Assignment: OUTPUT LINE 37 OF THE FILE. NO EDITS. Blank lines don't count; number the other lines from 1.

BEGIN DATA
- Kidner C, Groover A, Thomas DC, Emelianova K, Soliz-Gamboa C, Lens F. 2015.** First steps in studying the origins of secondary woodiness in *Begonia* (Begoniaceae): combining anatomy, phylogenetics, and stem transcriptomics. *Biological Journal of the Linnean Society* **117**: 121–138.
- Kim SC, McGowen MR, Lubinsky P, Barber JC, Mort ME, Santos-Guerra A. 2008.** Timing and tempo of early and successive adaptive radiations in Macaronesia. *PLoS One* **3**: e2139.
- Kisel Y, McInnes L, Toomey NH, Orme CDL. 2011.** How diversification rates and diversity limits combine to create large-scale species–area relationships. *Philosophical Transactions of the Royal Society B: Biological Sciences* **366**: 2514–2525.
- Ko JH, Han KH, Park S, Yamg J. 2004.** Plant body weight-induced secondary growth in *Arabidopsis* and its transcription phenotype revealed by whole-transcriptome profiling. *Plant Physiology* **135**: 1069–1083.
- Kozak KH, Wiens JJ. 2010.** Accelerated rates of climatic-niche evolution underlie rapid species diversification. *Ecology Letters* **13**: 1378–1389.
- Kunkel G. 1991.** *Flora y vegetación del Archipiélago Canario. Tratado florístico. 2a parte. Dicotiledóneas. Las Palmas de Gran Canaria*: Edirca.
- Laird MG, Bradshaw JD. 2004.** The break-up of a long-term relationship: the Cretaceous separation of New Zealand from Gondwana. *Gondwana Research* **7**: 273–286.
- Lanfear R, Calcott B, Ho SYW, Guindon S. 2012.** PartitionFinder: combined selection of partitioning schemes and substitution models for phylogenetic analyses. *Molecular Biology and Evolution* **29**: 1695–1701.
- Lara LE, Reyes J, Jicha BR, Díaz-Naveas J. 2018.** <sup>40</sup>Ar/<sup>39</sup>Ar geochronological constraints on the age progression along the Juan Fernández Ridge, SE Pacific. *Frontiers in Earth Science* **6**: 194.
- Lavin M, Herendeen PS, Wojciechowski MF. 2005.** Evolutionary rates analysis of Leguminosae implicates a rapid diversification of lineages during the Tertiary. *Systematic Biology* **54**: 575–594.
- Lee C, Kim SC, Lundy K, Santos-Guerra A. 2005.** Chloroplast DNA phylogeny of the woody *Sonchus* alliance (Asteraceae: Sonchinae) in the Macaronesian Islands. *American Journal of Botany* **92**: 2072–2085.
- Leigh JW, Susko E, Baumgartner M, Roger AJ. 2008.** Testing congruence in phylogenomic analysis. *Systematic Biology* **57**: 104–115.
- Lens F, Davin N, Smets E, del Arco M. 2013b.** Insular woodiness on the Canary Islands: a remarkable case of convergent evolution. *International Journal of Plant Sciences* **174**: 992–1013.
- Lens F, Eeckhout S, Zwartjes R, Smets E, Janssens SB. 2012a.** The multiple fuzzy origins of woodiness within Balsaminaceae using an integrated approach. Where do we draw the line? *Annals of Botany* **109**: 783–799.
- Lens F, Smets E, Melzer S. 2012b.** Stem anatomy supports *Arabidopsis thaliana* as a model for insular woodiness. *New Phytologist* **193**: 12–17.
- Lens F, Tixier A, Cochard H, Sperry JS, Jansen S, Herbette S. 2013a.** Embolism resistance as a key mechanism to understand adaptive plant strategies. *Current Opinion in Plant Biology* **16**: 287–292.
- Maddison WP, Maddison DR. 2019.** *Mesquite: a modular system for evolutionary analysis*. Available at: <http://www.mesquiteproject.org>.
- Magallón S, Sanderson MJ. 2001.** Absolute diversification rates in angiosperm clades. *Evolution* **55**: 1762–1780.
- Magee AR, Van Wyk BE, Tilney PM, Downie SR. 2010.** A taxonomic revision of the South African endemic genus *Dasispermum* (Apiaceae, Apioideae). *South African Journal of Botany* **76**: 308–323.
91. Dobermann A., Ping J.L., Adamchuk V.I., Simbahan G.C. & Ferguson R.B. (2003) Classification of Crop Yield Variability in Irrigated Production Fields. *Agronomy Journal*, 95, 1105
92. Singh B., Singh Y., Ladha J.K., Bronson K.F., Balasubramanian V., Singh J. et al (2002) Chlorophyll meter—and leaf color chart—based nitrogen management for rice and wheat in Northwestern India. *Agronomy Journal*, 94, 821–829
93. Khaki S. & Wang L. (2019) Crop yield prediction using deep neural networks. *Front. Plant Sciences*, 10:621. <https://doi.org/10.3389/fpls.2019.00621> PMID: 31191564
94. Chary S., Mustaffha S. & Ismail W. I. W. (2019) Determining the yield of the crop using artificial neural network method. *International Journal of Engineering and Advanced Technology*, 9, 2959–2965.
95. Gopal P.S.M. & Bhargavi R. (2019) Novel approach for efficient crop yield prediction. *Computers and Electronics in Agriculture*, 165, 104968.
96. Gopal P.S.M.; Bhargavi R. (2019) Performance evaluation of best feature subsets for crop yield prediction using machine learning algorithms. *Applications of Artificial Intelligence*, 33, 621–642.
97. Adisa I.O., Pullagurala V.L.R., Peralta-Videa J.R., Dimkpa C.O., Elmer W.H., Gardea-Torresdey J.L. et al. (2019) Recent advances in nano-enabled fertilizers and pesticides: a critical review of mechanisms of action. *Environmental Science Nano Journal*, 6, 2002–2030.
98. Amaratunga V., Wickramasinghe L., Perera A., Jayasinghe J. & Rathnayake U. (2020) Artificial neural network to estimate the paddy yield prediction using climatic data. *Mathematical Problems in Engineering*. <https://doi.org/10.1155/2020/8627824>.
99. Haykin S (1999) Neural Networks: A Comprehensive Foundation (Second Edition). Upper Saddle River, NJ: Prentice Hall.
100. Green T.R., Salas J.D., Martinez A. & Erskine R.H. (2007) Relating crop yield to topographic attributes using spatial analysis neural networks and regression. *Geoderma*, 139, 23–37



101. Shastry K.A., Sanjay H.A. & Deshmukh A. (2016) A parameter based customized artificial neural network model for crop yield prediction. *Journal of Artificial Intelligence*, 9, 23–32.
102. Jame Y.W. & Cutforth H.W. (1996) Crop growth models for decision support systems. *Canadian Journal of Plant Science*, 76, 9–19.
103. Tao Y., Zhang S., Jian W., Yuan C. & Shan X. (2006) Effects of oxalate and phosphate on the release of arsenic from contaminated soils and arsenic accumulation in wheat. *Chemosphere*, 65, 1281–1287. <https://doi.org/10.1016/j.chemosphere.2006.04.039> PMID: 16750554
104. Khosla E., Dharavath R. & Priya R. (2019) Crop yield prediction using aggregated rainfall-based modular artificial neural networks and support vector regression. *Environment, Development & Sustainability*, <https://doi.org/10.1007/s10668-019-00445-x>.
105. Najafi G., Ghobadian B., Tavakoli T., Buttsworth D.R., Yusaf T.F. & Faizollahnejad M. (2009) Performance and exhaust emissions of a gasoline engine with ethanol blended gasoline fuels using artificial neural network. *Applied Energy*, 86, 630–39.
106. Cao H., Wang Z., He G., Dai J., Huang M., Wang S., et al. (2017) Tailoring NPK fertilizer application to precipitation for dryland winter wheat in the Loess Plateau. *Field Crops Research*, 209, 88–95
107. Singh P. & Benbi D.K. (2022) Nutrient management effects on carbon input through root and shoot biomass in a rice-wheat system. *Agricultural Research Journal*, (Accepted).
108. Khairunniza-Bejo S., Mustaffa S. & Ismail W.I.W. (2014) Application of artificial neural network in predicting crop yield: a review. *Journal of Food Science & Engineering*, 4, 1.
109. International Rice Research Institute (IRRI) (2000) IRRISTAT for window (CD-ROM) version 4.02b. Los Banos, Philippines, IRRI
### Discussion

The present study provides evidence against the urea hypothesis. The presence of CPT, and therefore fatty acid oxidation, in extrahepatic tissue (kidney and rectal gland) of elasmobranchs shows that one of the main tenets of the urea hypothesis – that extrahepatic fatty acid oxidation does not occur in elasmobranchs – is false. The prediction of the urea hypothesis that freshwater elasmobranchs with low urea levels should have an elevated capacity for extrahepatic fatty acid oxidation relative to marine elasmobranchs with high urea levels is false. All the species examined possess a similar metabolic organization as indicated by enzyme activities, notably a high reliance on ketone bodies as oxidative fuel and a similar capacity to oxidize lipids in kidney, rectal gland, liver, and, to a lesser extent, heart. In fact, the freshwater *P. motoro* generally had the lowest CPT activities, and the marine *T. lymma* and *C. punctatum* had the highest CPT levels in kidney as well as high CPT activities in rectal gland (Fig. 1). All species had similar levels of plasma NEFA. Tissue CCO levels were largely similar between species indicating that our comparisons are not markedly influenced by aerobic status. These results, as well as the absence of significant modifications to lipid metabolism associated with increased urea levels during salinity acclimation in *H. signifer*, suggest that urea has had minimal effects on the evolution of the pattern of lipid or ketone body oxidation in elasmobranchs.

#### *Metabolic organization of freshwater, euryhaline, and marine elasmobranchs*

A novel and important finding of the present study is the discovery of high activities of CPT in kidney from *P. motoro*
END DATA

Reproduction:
108. Khairunniza-Bejo S., Mustaffa S. & Ismail W.I.W. (2014) Application of artificial neural network in predicting crop yield: a review. *Journal of Food Science & Engineering*, 4, 1.